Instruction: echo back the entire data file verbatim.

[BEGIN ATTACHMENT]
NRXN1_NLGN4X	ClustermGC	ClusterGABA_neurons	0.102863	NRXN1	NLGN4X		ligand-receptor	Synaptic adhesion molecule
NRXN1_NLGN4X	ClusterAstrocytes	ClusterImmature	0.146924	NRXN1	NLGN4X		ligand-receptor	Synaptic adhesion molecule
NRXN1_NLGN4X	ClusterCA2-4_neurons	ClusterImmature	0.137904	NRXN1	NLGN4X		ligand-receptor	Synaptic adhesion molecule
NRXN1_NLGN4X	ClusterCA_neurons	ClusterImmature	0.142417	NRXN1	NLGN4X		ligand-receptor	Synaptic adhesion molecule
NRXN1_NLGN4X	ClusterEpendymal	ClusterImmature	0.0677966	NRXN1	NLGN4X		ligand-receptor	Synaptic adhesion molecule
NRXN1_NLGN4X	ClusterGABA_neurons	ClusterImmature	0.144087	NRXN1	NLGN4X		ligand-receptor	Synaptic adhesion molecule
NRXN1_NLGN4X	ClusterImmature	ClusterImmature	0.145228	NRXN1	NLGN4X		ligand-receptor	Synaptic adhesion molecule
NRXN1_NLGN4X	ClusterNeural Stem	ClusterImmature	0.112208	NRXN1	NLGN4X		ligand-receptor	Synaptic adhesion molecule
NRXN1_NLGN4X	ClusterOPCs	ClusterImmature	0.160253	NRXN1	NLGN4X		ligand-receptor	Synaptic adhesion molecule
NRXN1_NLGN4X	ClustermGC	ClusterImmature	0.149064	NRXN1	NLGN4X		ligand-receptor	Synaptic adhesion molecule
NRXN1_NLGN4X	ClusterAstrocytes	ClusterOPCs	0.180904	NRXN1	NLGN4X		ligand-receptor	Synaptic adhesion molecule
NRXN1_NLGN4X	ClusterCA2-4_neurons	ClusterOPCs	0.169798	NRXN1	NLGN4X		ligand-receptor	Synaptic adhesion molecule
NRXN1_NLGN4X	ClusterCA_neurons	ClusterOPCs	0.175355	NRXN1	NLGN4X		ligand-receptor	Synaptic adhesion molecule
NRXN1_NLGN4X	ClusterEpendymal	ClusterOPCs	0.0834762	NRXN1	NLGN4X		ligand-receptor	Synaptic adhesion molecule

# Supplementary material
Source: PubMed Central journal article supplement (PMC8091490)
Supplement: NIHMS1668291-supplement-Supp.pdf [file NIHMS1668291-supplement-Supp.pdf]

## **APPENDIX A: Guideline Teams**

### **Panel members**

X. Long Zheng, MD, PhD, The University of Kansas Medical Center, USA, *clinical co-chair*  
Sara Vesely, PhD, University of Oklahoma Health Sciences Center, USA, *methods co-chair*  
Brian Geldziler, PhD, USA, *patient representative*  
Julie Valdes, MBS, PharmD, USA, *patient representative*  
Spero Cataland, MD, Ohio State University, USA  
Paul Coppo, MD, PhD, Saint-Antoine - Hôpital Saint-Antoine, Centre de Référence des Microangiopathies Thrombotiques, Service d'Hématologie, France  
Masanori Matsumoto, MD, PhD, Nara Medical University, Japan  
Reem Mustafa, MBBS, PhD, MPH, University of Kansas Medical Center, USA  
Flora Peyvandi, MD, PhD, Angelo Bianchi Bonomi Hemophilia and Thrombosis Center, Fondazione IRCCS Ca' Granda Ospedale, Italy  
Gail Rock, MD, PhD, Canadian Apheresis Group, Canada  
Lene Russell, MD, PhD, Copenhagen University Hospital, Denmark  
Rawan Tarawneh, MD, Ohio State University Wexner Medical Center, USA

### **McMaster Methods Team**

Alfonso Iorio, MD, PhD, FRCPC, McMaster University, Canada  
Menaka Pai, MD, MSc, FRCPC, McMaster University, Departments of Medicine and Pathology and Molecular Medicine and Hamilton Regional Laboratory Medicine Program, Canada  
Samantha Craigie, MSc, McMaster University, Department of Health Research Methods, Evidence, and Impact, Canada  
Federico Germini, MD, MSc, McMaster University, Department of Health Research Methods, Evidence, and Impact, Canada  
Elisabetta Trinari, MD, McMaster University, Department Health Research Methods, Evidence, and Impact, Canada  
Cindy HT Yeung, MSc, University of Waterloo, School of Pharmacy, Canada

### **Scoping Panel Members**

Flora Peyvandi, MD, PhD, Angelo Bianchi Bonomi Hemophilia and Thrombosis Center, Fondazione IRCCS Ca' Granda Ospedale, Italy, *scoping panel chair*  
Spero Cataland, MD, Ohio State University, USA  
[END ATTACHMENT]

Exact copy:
NRXN1_NLGN4X	ClustermGC	ClusterGABA_neurons	0.102863	NRXN1	NLGN4X		ligand-receptor	Synaptic adhesion molecule
NRXN1_NLGN4X	ClusterAstrocytes	ClusterImmature	0.146924	NRXN1	NLGN4X		ligand-receptor	Synaptic adhesion molecule
NRXN1_NLGN4X	ClusterCA2-4_neurons	ClusterImmature	0.137904	NRXN1	NLGN4X		ligand-receptor	Synaptic adhesion molecule
NRXN1_NLGN4X	ClusterCA_neurons	ClusterImmature	0.142417	NRXN1	NLGN4X		ligand-receptor	Synaptic adhesion molecule
NRXN1_NLGN4X	ClusterEpendymal	ClusterImmature	0.0677966	NRXN1	NLGN4X		ligand-receptor	Synaptic adhesion molecule
NRXN1_NLGN4X	ClusterGABA_neurons	ClusterImmature	0.144087	NRXN1	NLGN4X		ligand-receptor	Synaptic adhesion molecule
NRXN1_NLGN4X	ClusterImmature	ClusterImmature	0.145228	NRXN1	NLGN4X		ligand-receptor	Synaptic adhesion molecule
NRXN1_NLGN4X	ClusterNeural Stem	ClusterImmature	0.112208	NRXN1	NLGN4X		ligand-receptor	Synaptic adhesion molecule
NRXN1_NLGN4X	ClusterOPCs	ClusterImmature	0.160253	NRXN1	NLGN4X		ligand-receptor	Synaptic adhesion molecule
NRXN1_NLGN4X	ClustermGC	ClusterImmature	0.149064	NRXN1	NLGN4X		ligand-receptor	Synaptic adhesion molecule
NRXN1_NLGN4X	ClusterAstrocytes	ClusterOPCs	0.180904	NRXN1	NLGN4X		ligand-receptor	Synaptic adhesion molecule
NRXN1_NLGN4X	ClusterCA2-4_neurons	ClusterOPCs	0.169798	NRXN1	NLGN4X		ligand-receptor	Synaptic adhesion molecule
NRXN1_NLGN4X	ClusterCA_neurons	ClusterOPCs	0.175355	NRXN1	NLGN4X		ligand-receptor	Synaptic adhesion molecule
NRXN1_NLGN4X	ClusterEpendymal	ClusterOPCs	0.0834762	NRXN1	NLGN4X		ligand-receptor	Synaptic adhesion molecule

# Supplementary material
Source: PubMed Central journal article supplement (PMC8091490)
Supplement: NIHMS1668291-supplement-Supp.pdf [file NIHMS1668291-supplement-Supp.pdf]

## **APPENDIX A: Guideline Teams**

### **Panel members**

X. Long Zheng, MD, PhD, The University of Kansas Medical Center, USA, *clinical co-chair*  
Sara Vesely, PhD, University of Oklahoma Health Sciences Center, USA, *methods co-chair*  
Brian Geldziler, PhD, USA, *patient representative*  
Julie Valdes, MBS, PharmD, USA, *patient representative*  
Spero Cataland, MD, Ohio State University, USA  
Paul Coppo, MD, PhD, Saint-Antoine - Hôpital Saint-Antoine, Centre de Référence des Microangiopathies Thrombotiques, Service d'Hématologie, France  
Masanori Matsumoto, MD, PhD, Nara Medical University, Japan  
Reem Mustafa, MBBS, PhD, MPH, University of Kansas Medical Center, USA  
Flora Peyvandi, MD, PhD, Angelo Bianchi Bonomi Hemophilia and Thrombosis Center, Fondazione IRCCS Ca' Granda Ospedale, Italy  
Gail Rock, MD, PhD, Canadian Apheresis Group, Canada  
Lene Russell, MD, PhD, Copenhagen University Hospital, Denmark  
Rawan Tarawneh, MD, Ohio State University Wexner Medical Center, USA

### **McMaster Methods Team**

Alfonso Iorio, MD, PhD, FRCPC, McMaster University, Canada  
Menaka Pai, MD, MSc, FRCPC, McMaster University, Departments of Medicine and Pathology and Molecular Medicine and Hamilton Regional Laboratory Medicine Program, Canada  
Samantha Craigie, MSc, McMaster University, Department of Health Research Methods, Evidence, and Impact, Canada  
Federico Germini, MD, MSc, McMaster University, Department of Health Research Methods, Evidence, and Impact, Canada  
Elisabetta Trinari, MD, McMaster University, Department Health Research Methods, Evidence, and Impact, Canada  
Cindy HT Yeung, MSc, University of Waterloo, School of Pharmacy, Canada

### **Scoping Panel Members**

Flora Peyvandi, MD, PhD, Angelo Bianchi Bonomi Hemophilia and Thrombosis Center, Fondazione IRCCS Ca' Granda Ospedale, Italy, *scoping panel chair*  
Spero Cataland, MD, Ohio State University, USA  